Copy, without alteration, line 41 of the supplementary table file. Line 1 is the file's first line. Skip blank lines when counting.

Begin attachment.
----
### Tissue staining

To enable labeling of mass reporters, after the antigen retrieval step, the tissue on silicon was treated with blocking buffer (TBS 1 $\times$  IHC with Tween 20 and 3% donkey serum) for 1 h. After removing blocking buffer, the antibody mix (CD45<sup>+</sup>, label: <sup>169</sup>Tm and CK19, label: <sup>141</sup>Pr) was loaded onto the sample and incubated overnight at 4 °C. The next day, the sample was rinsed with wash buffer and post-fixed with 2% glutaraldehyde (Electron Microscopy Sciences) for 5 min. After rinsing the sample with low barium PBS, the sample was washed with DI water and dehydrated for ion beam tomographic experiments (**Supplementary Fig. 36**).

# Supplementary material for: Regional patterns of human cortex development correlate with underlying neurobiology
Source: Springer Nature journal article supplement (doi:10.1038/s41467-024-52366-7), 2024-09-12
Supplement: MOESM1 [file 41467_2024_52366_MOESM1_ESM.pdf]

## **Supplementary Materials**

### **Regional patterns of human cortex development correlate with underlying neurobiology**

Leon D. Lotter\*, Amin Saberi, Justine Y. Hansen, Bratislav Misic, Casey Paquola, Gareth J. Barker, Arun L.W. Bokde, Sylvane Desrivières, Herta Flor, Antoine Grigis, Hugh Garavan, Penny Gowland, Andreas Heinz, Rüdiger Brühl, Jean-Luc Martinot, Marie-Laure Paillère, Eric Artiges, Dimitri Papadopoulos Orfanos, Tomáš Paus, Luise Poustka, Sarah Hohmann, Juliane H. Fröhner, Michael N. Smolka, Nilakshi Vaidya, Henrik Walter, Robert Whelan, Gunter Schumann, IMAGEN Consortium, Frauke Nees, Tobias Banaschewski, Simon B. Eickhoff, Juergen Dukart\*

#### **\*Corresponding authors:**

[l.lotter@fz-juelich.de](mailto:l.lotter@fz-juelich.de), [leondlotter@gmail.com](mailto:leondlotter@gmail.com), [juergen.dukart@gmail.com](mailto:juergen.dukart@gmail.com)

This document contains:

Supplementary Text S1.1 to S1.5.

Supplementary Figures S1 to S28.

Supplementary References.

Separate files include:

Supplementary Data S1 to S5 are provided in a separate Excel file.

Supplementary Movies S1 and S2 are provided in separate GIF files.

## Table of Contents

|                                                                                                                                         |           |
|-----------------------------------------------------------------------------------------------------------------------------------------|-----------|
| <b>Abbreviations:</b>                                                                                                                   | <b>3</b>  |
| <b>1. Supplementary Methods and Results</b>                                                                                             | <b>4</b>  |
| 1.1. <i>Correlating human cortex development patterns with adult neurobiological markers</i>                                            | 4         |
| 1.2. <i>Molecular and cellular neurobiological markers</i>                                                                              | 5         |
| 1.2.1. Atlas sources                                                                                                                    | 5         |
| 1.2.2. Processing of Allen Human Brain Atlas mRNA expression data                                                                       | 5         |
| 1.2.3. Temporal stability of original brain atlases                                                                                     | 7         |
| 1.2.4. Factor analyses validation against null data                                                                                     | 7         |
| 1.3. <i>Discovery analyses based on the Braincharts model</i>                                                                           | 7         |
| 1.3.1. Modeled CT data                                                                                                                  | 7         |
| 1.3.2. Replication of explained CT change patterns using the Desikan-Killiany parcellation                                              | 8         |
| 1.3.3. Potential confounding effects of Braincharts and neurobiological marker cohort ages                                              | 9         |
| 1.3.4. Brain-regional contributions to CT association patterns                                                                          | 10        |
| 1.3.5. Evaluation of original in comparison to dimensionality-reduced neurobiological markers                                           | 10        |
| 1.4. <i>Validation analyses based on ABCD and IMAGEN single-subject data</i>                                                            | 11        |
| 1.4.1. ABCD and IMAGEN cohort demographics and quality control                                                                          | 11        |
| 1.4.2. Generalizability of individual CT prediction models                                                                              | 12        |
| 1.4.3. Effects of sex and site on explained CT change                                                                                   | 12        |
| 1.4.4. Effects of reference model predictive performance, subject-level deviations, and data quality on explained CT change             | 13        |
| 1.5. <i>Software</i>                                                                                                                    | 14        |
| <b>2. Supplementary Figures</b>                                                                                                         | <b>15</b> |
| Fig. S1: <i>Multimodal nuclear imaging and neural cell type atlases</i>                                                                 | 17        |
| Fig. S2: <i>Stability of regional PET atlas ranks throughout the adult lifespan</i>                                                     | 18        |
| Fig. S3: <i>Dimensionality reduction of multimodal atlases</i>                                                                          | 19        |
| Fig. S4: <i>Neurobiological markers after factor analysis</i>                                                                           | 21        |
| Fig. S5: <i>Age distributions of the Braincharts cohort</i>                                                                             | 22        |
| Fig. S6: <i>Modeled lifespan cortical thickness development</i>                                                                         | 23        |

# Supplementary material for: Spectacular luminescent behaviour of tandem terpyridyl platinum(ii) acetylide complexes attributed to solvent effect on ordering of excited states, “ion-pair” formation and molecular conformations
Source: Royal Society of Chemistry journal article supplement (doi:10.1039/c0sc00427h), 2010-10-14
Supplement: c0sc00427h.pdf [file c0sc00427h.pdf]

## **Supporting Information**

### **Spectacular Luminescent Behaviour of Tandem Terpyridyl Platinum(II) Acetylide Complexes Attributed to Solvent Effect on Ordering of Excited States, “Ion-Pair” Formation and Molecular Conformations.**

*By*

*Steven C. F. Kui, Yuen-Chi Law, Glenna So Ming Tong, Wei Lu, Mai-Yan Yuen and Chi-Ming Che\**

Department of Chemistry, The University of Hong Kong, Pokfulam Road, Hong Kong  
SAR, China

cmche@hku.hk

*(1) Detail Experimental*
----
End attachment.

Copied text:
| <b>2. Supplementary Figures</b>                                                                                                         | <b>15</b> |